At a recent Fondren's First Thursday, Taylor Yowell set up a booth along State Street to sell vegetables, including yellow and green squash with a pronounced line between the two colors. Yowell said it was a zucchini-squash hybrid called a zephyr squash that he grew on his farm in Madison County, The Garden Farmacy, along with herbs and other vegetables.
Like his vegetables—mostly heirlooms but also creative hybrids of familiar things—Yowell's livelihood and life itself is one grown through cultivating a wide range of unusual experiences and bringing them back home to where he started.
Yowell, 29, grew up in Madison, where he graduated from Madison Central High School in 2005. After attending Jones County Junior College and studying civil-engineering technology, he got a job with Warnock & Associates engineering firm. In 2011, he became interested in improving his health and developed an interest in whole-food nutrition.
As he tried to find foods that would do that, Yowell became "curious about how to grow and provide (that) product and acquire it," he told the Jackson Free Press. Ultimately, he decided to learn how to do it for himself and started researching organic farming.
Four years ago, he took a leap of faith to figure out how to start a farm. He found organic ones around the country and sent resumes far and wide in the hope that one would offer him a chance to work and learn. After three weeks of phone interviews with Greenfire Farm in Hoopa, Calif., he was offered an apprenticeship, so he put in his two weeks notice with Warnock, packed his car and drove to California in 2011.
Yowell spent the next two years on several farms. After Greenfire Farm, he worked at Rolling River Farm, a homestead where he learned techniques of year-round farming. "When you homestead, you not only produce product to sell, you live off the land yourself, so we were milking goats, raising chickens, ducks and turkeys, and growing orchards of fruit trees," he said.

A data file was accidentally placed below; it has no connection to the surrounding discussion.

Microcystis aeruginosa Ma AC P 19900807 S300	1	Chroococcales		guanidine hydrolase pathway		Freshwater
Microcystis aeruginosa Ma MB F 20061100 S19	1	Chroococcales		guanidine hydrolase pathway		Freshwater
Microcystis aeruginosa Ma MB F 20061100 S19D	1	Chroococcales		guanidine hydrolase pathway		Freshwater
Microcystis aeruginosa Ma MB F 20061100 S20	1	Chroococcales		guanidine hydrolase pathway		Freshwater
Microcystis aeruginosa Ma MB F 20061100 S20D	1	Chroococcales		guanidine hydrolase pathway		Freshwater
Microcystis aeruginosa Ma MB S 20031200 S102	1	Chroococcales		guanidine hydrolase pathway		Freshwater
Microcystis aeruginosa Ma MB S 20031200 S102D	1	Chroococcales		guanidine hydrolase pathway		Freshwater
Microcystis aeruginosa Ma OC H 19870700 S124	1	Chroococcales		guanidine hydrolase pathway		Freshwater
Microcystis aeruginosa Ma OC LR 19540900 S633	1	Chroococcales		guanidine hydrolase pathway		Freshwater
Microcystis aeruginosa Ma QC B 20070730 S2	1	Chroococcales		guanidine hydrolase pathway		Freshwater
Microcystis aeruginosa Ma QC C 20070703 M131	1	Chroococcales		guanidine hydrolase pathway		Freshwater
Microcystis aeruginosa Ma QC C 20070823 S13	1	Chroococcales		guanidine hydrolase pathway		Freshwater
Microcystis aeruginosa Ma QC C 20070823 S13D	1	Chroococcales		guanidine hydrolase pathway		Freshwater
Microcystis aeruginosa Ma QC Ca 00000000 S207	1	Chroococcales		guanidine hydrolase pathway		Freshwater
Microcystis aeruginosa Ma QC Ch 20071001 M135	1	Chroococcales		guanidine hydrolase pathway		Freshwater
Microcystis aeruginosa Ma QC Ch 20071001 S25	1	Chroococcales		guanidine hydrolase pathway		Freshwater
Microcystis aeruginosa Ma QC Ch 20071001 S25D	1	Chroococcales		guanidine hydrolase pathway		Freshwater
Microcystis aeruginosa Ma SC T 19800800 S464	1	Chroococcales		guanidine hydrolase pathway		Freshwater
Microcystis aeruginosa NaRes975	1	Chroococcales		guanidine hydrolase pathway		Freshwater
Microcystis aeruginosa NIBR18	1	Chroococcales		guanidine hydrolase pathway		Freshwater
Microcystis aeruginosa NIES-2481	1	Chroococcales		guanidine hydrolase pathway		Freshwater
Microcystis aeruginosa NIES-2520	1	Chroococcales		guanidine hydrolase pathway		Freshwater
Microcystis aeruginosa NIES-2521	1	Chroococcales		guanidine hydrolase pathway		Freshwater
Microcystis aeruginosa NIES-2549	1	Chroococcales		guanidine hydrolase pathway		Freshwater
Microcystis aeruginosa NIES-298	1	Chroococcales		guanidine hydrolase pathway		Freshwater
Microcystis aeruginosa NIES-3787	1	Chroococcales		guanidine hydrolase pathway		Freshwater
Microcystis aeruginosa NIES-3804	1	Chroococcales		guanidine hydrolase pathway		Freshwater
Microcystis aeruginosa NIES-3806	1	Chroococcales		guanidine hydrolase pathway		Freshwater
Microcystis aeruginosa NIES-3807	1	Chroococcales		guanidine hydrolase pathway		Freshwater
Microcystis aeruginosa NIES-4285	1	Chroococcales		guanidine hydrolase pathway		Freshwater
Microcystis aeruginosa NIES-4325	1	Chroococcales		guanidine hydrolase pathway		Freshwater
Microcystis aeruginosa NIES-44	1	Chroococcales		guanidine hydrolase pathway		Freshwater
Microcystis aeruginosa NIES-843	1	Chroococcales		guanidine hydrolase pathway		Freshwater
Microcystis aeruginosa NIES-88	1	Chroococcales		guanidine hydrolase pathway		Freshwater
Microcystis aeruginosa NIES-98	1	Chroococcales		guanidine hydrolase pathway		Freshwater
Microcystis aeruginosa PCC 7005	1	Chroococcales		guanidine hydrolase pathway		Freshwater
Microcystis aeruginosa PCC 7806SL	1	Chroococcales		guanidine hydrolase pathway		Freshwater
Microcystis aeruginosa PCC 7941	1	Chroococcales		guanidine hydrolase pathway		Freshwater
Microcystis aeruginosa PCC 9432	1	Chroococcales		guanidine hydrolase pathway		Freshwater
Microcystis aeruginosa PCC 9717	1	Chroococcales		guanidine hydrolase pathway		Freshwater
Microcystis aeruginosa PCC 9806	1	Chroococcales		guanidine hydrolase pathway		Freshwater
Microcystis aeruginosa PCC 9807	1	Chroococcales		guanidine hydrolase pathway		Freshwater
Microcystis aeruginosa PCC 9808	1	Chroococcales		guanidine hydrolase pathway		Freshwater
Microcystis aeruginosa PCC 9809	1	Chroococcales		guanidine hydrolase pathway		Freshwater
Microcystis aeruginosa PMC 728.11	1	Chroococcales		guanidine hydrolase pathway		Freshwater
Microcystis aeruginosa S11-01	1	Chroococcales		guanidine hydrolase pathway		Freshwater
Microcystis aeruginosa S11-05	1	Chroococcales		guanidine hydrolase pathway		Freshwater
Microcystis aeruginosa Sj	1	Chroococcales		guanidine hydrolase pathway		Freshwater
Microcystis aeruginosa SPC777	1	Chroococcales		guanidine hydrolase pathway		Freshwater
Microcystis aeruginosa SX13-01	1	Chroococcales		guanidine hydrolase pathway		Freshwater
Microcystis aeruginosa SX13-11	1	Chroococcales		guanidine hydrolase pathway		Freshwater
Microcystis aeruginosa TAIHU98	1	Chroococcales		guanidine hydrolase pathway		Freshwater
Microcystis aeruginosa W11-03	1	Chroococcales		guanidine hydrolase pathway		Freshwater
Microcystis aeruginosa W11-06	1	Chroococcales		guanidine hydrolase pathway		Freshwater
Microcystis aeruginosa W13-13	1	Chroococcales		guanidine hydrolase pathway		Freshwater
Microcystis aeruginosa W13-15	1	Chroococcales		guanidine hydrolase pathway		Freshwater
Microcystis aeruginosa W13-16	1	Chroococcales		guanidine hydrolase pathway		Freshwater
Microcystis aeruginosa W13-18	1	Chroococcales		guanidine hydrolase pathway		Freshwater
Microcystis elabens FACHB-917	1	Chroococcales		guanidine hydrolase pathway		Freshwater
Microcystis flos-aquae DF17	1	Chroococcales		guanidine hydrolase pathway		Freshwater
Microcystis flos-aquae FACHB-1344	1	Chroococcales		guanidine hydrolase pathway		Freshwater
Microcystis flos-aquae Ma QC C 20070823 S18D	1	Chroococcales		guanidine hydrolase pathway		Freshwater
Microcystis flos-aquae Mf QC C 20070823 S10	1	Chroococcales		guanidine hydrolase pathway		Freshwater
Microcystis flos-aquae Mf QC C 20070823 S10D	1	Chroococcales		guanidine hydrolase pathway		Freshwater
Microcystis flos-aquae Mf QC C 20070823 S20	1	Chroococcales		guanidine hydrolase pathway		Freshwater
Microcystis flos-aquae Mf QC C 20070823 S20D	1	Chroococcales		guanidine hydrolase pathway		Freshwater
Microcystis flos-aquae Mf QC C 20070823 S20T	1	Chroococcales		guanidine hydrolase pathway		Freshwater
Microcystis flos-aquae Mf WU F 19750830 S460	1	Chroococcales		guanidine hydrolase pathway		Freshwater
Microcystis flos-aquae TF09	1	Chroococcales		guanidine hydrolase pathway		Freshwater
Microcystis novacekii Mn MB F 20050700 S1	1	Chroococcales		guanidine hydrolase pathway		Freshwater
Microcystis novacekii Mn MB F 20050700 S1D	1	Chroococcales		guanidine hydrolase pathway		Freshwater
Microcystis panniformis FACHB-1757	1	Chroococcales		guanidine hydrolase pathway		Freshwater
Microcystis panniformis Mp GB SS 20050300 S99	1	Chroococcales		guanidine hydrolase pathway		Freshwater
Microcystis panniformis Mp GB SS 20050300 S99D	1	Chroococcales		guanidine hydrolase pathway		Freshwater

Yowell also spent time in Richmond, Va., volunteering on the farm at Thomas Jefferson's Monticello.
He returned to Mississippi in 2014 to work with farmer Will Reed at Native Son Farm in Tupelo while traveling back and forth between that farm and his mother's house in Madison, all the while look for land to lease in the Jackson metro area.
He met developer David Landrum in Madison, and when Landrum shared his vision for the Livingston development having a farm that grows the food for the restaurants, he knew he wanted to be a part of it.
Since 2014, Yowell has leased three acres at Livingston for The Garden Farmacy. Yowell farms the Livingston land by hand and provides produce and herbs to local restaurants (County Seat and The Gathering at Livingston, and Lou's Full-Serv and Babalu Tacos & Tapas), as well as farmers markets. He recently started a community-supported agriculture, or CSA, that runs for 16 weeks in the spring and summer and 12 weeks in the fall. It offers home delivery or pick-up and has become an important part of his business plan.
Long-term, he wants to diversify his operation and include not only vegetables, but also fruit trees, flowers and herbs. He will also expand the operation by transitioning his Livingston property to pure row-crop farming while homesteading on six acres and a farmhouse he recently purchased outside Clinton in Hinds County.
"It's a dream come true," he said, but he said it's also both physically difficult and financially a challenge to make a living because it's a solo endeavor.
"I'm doing it all by myself," he said.
Despite the challenge, Yowell loves farming. "Practicing what I've learned in distant places and bringing it literally down the road from where I went to high school, and trying new crops and techniques here" made that leap of faith four years ago worthwhile, he said.
The Garden Farmacy (116 Church Road, Madison, 769-226-6700) will host Okra Fest, a free family-friendly event that will feature garden tours, local vendors and more on Aug. 14 beginning at 3:30 p.m. to dark. For more information, find the farm on Facebook.